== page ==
Sunday, February 25, 2007

Caroline, the Queen

I've been writing more than reading lately, but I haven't neglected Plaidy entirely, having recently finished Caroline, the Queen, about (you guessed) Caroline, queen to George II. This is a continuation of Queen in Waiting, reviewed in my last post.

This will be a rather cursory review, because the book's not all that fresh in my mind. It's entertaining, which is remarkable considering that no one in it, including Caroline herself, is particularly sympathetic. That's probably one of the reasons the book is amusing, actually--it's fun, in a way, to see people whom one doesn't like fall out with each other.

There's a certain amount of drollery here, particularly when George II writes to Caroline to get advice as to how to win over various potential mistresses. (He can't imagine why his wife would find this off-putting.)

I'm at a bit of a loss as to what Plaidy to read next. I've been in a thirteenth-century mood lately, so I may try to resume The Battle of the Queens, though I put it down previously and didn't have the urge to finish it. I read The Queen from Provence last year. As I recall, I found it decidedly a mixed bag, but I may give it another whirl.

Saturday, February 10, 2007

Queen in Waiting

I finished Queen in Waiting today. As I mentioned before, this historical novel, published originally in 1967, is the story of Caroline of Ansbach, wife to the future George II, before she became queen.

(By the way, this book, like its predecessor, has a very tasteful cover--some well-dressed men and women standing in front of a grand house with a Grecian sculpture in the foreground. I'm really missing the tacky clinch covers that grace some of my Plantagenet Plaidys.)

This book starts out rather gloomily, with Caroline's spiritless mother, Eleanor, making a disastrous second marriage that nearly results in her being poisoned. Fortunately, smallpox saves Eleanor by widowing her a second time, and with Eleanor's decline and death soon following, the story switches to the much more interesting figure of Caroline herself. We follow Caroline into her marriage with George Augustus, whose father is destined to become King George I of England. In what would apparently become a Hanoverian family tradition, George I and George Augustus hate each other heartily, and their jockeying for power once the family moves from Hanover to England forms most of the plot of the novel.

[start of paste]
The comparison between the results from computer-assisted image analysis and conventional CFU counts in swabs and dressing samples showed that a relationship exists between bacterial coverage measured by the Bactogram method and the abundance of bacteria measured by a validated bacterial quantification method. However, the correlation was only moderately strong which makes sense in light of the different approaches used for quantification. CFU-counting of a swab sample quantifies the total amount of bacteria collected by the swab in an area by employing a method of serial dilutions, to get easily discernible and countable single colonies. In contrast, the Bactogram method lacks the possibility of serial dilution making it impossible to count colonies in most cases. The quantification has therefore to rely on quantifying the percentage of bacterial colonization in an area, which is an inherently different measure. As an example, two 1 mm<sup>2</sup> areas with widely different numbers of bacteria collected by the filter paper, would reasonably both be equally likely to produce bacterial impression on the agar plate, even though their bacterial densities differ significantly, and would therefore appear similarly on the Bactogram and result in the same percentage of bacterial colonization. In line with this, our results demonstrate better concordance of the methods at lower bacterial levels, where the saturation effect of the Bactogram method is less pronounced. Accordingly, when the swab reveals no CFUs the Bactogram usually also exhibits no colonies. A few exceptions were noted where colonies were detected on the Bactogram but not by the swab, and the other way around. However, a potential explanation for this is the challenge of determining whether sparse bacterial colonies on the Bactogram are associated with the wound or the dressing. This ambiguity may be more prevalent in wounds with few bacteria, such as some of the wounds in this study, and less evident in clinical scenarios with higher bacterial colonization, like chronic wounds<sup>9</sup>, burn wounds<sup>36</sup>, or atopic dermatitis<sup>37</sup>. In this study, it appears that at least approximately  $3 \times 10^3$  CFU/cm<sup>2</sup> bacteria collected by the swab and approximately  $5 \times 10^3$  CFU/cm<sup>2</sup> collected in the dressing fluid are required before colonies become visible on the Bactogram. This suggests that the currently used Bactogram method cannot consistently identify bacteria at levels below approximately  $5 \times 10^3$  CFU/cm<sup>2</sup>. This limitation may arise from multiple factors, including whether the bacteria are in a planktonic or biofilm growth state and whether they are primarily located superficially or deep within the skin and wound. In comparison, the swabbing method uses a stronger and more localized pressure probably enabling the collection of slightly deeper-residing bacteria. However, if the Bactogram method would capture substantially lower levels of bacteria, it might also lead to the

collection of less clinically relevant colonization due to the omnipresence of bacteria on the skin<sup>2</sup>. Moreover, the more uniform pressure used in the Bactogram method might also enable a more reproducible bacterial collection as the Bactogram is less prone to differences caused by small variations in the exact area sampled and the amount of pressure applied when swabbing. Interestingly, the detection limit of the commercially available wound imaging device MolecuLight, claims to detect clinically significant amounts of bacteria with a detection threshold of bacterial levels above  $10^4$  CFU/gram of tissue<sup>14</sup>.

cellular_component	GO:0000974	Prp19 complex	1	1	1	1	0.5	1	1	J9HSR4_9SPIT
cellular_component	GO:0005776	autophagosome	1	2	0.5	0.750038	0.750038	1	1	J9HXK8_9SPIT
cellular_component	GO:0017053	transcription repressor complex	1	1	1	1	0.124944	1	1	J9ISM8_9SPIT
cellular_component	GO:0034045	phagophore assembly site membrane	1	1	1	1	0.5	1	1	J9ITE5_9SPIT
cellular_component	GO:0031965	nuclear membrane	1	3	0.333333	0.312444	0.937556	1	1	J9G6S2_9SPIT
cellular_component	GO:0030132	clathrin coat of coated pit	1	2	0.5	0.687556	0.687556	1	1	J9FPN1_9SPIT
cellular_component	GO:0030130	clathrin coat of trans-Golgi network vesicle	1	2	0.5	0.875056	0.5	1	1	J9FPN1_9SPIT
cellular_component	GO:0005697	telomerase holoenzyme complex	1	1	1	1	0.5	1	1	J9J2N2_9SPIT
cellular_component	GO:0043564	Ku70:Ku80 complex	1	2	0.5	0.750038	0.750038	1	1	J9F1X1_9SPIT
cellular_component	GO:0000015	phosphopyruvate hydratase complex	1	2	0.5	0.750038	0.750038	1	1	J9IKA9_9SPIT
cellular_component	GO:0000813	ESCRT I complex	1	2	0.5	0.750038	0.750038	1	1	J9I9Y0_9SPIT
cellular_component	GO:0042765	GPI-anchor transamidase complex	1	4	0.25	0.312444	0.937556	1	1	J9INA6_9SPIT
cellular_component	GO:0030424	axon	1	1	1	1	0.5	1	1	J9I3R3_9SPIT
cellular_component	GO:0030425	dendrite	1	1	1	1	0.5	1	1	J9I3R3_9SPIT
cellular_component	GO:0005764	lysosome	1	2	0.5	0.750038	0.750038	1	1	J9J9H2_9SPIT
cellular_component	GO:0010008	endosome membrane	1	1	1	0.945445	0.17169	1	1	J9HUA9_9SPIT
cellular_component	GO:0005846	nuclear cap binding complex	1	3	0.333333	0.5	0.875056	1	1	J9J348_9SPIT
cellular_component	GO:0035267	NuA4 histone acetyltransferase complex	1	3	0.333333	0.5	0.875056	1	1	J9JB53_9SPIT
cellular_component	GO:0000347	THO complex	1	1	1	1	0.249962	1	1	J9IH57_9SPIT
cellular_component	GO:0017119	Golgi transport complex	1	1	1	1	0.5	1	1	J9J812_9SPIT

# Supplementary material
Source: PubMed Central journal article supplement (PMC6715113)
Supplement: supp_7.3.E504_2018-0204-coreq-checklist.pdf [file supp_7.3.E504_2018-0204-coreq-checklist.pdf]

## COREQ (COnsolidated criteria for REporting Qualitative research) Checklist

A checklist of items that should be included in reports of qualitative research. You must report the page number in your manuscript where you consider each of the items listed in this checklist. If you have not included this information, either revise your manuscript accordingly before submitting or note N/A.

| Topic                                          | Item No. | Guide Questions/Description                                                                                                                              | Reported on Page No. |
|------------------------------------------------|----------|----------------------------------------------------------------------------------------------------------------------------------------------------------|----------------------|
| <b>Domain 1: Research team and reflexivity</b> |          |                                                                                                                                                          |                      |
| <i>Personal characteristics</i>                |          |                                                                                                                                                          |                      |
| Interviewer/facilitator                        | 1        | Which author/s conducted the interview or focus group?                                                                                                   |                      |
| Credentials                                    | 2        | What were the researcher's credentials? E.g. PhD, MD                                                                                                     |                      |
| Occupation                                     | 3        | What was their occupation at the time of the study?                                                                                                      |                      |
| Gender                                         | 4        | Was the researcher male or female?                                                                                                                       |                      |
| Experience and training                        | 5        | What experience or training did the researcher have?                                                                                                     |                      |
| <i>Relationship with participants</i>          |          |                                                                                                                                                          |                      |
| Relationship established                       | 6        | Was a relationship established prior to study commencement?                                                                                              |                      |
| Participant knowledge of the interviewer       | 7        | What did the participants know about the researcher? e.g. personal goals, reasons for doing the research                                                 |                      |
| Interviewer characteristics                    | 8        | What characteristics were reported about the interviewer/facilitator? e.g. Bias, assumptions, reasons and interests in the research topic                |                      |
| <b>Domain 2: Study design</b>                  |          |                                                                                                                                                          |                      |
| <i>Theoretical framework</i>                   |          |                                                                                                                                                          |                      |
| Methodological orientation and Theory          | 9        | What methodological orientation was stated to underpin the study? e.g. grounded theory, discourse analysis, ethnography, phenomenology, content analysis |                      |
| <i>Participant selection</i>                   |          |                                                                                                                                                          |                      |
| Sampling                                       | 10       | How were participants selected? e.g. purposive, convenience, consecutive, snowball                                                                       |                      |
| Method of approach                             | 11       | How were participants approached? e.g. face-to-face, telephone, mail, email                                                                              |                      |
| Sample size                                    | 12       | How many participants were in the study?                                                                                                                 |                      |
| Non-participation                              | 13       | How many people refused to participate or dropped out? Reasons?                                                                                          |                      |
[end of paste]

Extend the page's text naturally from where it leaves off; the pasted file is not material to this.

Caroline is an intelligent, shrewd opportunist who is quick to take advantage of George I's unattractive personality by ingratiating herself with the people. Though George I succeeds in getting control of some of Caroline's children, Caroline is no victim like her mother; the fight never goes out of her. I also liked George Augustus's mother-in-law, Sophia, who is pleased when George Augustus takes up with an English mistress: "It should improve his English," she tells the furious Caroline. Sophia is one of several cheerfully cynical characters here.

There are some repetitive moments; we're reminded way too often that George I has locked up his wife because of her love affair.

Amusingly, once the Hanoverians move to England, Plaidy reminds us of their heavy German accents by having the Prince and Princess of Wales speak sentences such as these: "Ve vill think of something, my tearest." This usually works well enough, but it tends to undermine Plaidy's more dramatic moments.

All in all, though, this novel left me looking forward to more dysfunctional family fun with its sequel, Caroline, the Queen.

Thursday, February 8, 2007

Blog? What Blog?

It's been a while, hasn't it?

I've been reading Queen in Waiting, about Caroline, wife to the future George II, who, as the novel's title implies, is waiting for George I to hurry up and die so she can be queen. (Except that Hurry Up and Die Already probably wouldn't have gone over too well with the publisher's marketing department.) It's an enjoyable read about the Hanoverians, and so far I haven't had the difficulty I had when reading a later novel in the series, The Third George, where memories of "Blackadder" kept intruding.

Anyway, more to come.

Here, in the meantime, is Tanzanite's take on Plaidy's Norman trilogy. Evidently this wasn't one of Plaidy's finer moments, but when one's quite prolific I suppose that a few duds are inevitable.